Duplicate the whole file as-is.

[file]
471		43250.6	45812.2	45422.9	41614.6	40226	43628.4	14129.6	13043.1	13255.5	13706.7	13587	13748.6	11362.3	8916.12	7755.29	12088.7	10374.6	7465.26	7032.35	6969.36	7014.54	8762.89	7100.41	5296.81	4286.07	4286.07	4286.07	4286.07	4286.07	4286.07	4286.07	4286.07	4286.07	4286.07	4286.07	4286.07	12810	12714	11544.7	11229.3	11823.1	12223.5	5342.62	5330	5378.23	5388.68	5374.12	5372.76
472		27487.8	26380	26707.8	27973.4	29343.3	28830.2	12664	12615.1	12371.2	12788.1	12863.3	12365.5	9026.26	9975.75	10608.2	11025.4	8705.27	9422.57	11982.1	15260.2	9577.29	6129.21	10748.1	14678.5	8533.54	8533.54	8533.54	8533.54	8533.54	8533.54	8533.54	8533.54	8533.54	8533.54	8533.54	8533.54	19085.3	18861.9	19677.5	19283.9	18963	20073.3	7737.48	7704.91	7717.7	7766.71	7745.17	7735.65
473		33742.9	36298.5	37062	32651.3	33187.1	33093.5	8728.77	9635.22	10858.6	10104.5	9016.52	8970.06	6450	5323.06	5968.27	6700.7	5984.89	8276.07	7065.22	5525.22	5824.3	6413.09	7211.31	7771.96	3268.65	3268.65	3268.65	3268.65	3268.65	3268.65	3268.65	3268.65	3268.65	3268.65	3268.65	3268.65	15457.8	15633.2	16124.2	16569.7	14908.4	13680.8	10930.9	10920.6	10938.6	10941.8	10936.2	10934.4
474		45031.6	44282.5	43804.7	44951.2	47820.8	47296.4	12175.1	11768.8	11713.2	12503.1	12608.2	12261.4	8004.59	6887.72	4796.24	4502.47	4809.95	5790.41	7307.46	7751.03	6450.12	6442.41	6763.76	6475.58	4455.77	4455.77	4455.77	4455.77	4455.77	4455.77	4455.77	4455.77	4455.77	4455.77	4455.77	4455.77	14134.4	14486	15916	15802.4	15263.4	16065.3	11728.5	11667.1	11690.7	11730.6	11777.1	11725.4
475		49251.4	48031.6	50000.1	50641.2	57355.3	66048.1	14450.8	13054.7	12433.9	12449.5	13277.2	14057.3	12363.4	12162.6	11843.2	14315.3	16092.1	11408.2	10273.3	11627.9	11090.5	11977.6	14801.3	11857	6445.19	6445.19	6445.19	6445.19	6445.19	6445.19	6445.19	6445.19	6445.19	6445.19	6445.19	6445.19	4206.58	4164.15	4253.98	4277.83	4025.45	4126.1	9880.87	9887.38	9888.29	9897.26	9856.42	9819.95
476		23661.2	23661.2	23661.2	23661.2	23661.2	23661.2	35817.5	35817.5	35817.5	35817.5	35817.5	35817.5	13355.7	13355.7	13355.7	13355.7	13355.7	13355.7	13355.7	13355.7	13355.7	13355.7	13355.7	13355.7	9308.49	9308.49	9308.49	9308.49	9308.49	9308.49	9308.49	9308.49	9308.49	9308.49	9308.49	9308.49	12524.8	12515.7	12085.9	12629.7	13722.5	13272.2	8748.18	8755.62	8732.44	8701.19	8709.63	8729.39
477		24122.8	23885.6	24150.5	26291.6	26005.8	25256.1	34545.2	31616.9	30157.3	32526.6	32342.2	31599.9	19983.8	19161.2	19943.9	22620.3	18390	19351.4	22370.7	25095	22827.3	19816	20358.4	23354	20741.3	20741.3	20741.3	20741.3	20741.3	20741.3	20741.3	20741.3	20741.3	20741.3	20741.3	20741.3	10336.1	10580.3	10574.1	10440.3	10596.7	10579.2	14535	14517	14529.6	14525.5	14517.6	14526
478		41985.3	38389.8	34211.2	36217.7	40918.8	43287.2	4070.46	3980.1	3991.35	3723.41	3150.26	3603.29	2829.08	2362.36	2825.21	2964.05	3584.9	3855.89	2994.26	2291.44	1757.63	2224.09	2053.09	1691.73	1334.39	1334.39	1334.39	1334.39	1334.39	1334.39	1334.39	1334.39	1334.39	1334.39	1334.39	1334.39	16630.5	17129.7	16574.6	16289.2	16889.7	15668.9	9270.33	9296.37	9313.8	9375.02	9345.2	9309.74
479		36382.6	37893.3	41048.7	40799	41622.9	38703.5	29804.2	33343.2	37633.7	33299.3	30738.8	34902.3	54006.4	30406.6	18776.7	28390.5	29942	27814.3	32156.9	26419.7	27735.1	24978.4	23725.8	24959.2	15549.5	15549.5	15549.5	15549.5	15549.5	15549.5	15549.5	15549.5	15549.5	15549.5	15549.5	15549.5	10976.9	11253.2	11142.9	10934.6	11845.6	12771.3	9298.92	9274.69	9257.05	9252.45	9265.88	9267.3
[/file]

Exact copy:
471		43250.6	45812.2	45422.9	41614.6	40226	43628.4	14129.6	13043.1	13255.5	13706.7	13587	13748.6	11362.3	8916.12	7755.29	12088.7	10374.6	7465.26	7032.35	6969.36	7014.54	8762.89	7100.41	5296.81	4286.07	4286.07	4286.07	4286.07	4286.07	4286.07	4286.07	4286.07	4286.07	4286.07	4286.07	4286.07	12810	12714	11544.7	11229.3	11823.1	12223.5	5342.62	5330	5378.23	5388.68	5374.12	5372.76
472		27487.8	26380	26707.8	27973.4	29343.3	28830.2	12664	12615.1	12371.2	12788.1	12863.3	12365.5	9026.26	9975.75	10608.2	11025.4	8705.27	9422.57	11982.1	15260.2	9577.29	6129.21	10748.1	14678.5	8533.54	8533.54	8533.54	8533.54	8533.54	8533.54	8533.54	8533.54	8533.54	8533.54	8533.54	8533.54	19085.3	18861.9	19677.5	19283.9	18963	20073.3	7737.48	7704.91	7717.7	7766.71	7745.17	7735.65
473		33742.9	36298.5	37062	32651.3	33187.1	33093.5	8728.77	9635.22	10858.6	10104.5	9016.52	8970.06	6450	5323.06	5968.27	6700.7	5984.89	8276.07	7065.22	5525.22	5824.3	6413.09	7211.31	7771.96	3268.65	3268.65	3268.65	3268.65	3268.65	3268.65	3268.65	3268.65	3268.65	3268.65	3268.65	3268.65	15457.8	15633.2	16124.2	16569.7	14908.4	13680.8	10930.9	10920.6	10938.6	10941.8	10936.2	10934.4
474		45031.6	44282.5	43804.7	44951.2	47820.8	47296.4	12175.1	11768.8	11713.2	12503.1	12608.2	12261.4	8004.59	6887.72	4796.24	4502.47	4809.95	5790.41	7307.46	7751.03	6450.12	6442.41	6763.76	6475.58	4455.77	4455.77	4455.77	4455.77	4455.77	4455.77	4455.77	4455.77	4455.77	4455.77	4455.77	4455.77	14134.4	14486	15916	15802.4	15263.4	16065.3	11728.5	11667.1	11690.7	11730.6	11777.1	11725.4
475		49251.4	48031.6	50000.1	50641.2	57355.3	66048.1	14450.8	13054.7	12433.9	12449.5	13277.2	14057.3	12363.4	12162.6	11843.2	14315.3	16092.1	11408.2	10273.3	11627.9	11090.5	11977.6	14801.3	11857	6445.19	6445.19	6445.19	6445.19	6445.19	6445.19	6445.19	6445.19	6445.19	6445.19	6445.19	6445.19	4206.58	4164.15	4253.98	4277.83	4025.45	4126.1	9880.87	9887.38	9888.29	9897.26	9856.42	9819.95
476		23661.2	23661.2	23661.2	23661.2	23661.2	23661.2	35817.5	35817.5	35817.5	35817.5	35817.5	35817.5	13355.7	13355.7	13355.7	13355.7	13355.7	13355.7	13355.7	13355.7	13355.7	13355.7	13355.7	13355.7	9308.49	9308.49	9308.49	9308.49	9308.49	9308.49	9308.49	9308.49	9308.49	9308.49	9308.49	9308.49	12524.8	12515.7	12085.9	12629.7	13722.5	13272.2	8748.18	8755.62	8732.44	8701.19	8709.63	8729.39
477		24122.8	23885.6	24150.5	26291.6	26005.8	25256.1	34545.2	31616.9	30157.3	32526.6	32342.2	31599.9	19983.8	19161.2	19943.9	22620.3	18390	19351.4	22370.7	25095	22827.3	19816	20358.4	23354	20741.3	20741.3	20741.3	20741.3	20741.3	20741.3	20741.3	20741.3	20741.3	20741.3	20741.3	20741.3	10336.1	10580.3	10574.1	10440.3	10596.7	10579.2	14535	14517	14529.6	14525.5	14517.6	14526
478		41985.3	38389.8	34211.2	36217.7	40918.8	43287.2	4070.46	3980.1	3991.35	3723.41	3150.26	3603.29	2829.08	2362.36	2825.21	2964.05	3584.9	3855.89	2994.26	2291.44	1757.63	2224.09	2053.09	1691.73	1334.39	1334.39	1334.39	1334.39	1334.39	1334.39	1334.39	1334.39	1334.39	1334.39	1334.39	1334.39	16630.5	17129.7	16574.6	16289.2	16889.7	15668.9	9270.33	9296.37	9313.8	9375.02	9345.2	9309.74
479		36382.6	37893.3	41048.7	40799	41622.9	38703.5	29804.2	33343.2	37633.7	33299.3	30738.8	34902.3	54006.4	30406.6	18776.7	28390.5	29942	27814.3	32156.9	26419.7	27735.1	24978.4	23725.8	24959.2	15549.5	15549.5	15549.5	15549.5	15549.5	15549.5	15549.5	15549.5	15549.5	15549.5	15549.5	15549.5	10976.9	11253.2	11142.9	10934.6	11845.6	12771.3	9298.92	9274.69	9257.05	9252.45	9265.88	9267.3